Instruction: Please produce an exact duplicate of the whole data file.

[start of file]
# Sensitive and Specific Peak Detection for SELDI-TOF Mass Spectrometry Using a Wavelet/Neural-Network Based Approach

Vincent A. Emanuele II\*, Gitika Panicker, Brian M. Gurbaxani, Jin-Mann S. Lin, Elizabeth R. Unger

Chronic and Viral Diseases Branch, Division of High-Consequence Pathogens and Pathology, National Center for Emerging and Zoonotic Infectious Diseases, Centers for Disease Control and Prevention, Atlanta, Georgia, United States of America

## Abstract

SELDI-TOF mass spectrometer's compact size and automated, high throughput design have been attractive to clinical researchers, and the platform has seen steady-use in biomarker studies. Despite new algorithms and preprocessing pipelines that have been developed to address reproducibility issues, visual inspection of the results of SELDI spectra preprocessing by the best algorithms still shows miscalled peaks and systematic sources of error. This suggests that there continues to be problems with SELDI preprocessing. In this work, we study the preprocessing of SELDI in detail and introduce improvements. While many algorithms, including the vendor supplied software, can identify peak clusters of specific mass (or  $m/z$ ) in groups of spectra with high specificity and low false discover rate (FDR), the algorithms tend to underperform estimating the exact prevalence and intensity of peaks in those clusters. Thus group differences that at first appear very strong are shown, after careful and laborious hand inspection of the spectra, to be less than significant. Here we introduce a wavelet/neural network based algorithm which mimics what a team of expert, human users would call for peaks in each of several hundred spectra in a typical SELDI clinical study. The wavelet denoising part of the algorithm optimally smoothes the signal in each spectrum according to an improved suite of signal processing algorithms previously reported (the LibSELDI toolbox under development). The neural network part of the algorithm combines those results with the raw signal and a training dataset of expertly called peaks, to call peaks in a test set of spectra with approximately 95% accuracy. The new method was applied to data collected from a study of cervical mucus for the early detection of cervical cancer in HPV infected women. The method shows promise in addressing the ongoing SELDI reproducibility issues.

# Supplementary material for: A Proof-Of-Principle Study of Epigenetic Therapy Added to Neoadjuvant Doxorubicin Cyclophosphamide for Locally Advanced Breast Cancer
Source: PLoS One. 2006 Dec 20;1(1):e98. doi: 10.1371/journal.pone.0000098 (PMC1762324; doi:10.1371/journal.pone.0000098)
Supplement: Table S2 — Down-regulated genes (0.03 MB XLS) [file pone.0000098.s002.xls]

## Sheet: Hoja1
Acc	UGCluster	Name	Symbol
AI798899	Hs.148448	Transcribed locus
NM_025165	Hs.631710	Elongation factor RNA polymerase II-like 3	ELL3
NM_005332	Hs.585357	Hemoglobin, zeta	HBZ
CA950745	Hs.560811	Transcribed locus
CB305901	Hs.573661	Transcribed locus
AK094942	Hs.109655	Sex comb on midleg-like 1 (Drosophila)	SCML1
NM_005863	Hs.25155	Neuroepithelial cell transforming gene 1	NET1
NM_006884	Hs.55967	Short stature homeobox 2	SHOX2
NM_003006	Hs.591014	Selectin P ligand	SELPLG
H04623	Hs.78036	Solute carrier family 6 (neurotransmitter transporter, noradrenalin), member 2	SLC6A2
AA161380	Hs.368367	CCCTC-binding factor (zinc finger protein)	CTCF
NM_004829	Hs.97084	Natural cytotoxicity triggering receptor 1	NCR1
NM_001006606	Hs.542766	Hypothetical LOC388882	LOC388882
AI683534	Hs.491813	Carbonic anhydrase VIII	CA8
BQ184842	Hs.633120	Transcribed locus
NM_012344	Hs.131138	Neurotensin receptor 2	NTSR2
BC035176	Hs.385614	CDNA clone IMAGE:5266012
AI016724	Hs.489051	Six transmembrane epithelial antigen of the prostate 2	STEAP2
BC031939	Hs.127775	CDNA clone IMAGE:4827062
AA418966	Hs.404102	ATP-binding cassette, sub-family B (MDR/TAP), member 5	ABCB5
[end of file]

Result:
# Sensitive and Specific Peak Detection for SELDI-TOF Mass Spectrometry Using a Wavelet/Neural-Network Based Approach

Vincent A. Emanuele II\*, Gitika Panicker, Brian M. Gurbaxani, Jin-Mann S. Lin, Elizabeth R. Unger

Chronic and Viral Diseases Branch, Division of High-Consequence Pathogens and Pathology, National Center for Emerging and Zoonotic Infectious Diseases, Centers for Disease Control and Prevention, Atlanta, Georgia, United States of America

## Abstract

SELDI-TOF mass spectrometer's compact size and automated, high throughput design have been attractive to clinical researchers, and the platform has seen steady-use in biomarker studies. Despite new algorithms and preprocessing pipelines that have been developed to address reproducibility issues, visual inspection of the results of SELDI spectra preprocessing by the best algorithms still shows miscalled peaks and systematic sources of error. This suggests that there continues to be problems with SELDI preprocessing. In this work, we study the preprocessing of SELDI in detail and introduce improvements. While many algorithms, including the vendor supplied software, can identify peak clusters of specific mass (or  $m/z$ ) in groups of spectra with high specificity and low false discover rate (FDR), the algorithms tend to underperform estimating the exact prevalence and intensity of peaks in those clusters. Thus group differences that at first appear very strong are shown, after careful and laborious hand inspection of the spectra, to be less than significant. Here we introduce a wavelet/neural network based algorithm which mimics what a team of expert, human users would call for peaks in each of several hundred spectra in a typical SELDI clinical study. The wavelet denoising part of the algorithm optimally smoothes the signal in each spectrum according to an improved suite of signal processing algorithms previously reported (the LibSELDI toolbox under development). The neural network part of the algorithm combines those results with the raw signal and a training dataset of expertly called peaks, to call peaks in a test set of spectra with approximately 95% accuracy. The new method was applied to data collected from a study of cervical mucus for the early detection of cervical cancer in HPV infected women. The method shows promise in addressing the ongoing SELDI reproducibility issues.

# Supplementary material for: A Proof-Of-Principle Study of Epigenetic Therapy Added to Neoadjuvant Doxorubicin Cyclophosphamide for Locally Advanced Breast Cancer
Source: PLoS One. 2006 Dec 20;1(1):e98. doi: 10.1371/journal.pone.0000098 (PMC1762324; doi:10.1371/journal.pone.0000098)
Supplement: Table S2 — Down-regulated genes (0.03 MB XLS) [file pone.0000098.s002.xls]

## Sheet: Hoja1
Acc	UGCluster	Name	Symbol
AI798899	Hs.148448	Transcribed locus
NM_025165	Hs.631710	Elongation factor RNA polymerase II-like 3	ELL3
NM_005332	Hs.585357	Hemoglobin, zeta	HBZ
CA950745	Hs.560811	Transcribed locus
CB305901	Hs.573661	Transcribed locus
AK094942	Hs.109655	Sex comb on midleg-like 1 (Drosophila)	SCML1
NM_005863	Hs.25155	Neuroepithelial cell transforming gene 1	NET1
NM_006884	Hs.55967	Short stature homeobox 2	SHOX2
NM_003006	Hs.591014	Selectin P ligand	SELPLG
H04623	Hs.78036	Solute carrier family 6 (neurotransmitter transporter, noradrenalin), member 2	SLC6A2
AA161380	Hs.368367	CCCTC-binding factor (zinc finger protein)	CTCF
NM_004829	Hs.97084	Natural cytotoxicity triggering receptor 1	NCR1
NM_001006606	Hs.542766	Hypothetical LOC388882	LOC388882
AI683534	Hs.491813	Carbonic anhydrase VIII	CA8
BQ184842	Hs.633120	Transcribed locus
NM_012344	Hs.131138	Neurotensin receptor 2	NTSR2
BC035176	Hs.385614	CDNA clone IMAGE:5266012
AI016724	Hs.489051	Six transmembrane epithelial antigen of the prostate 2	STEAP2
BC031939	Hs.127775	CDNA clone IMAGE:4827062
AA418966	Hs.404102	ATP-binding cassette, sub-family B (MDR/TAP), member 5	ABCB5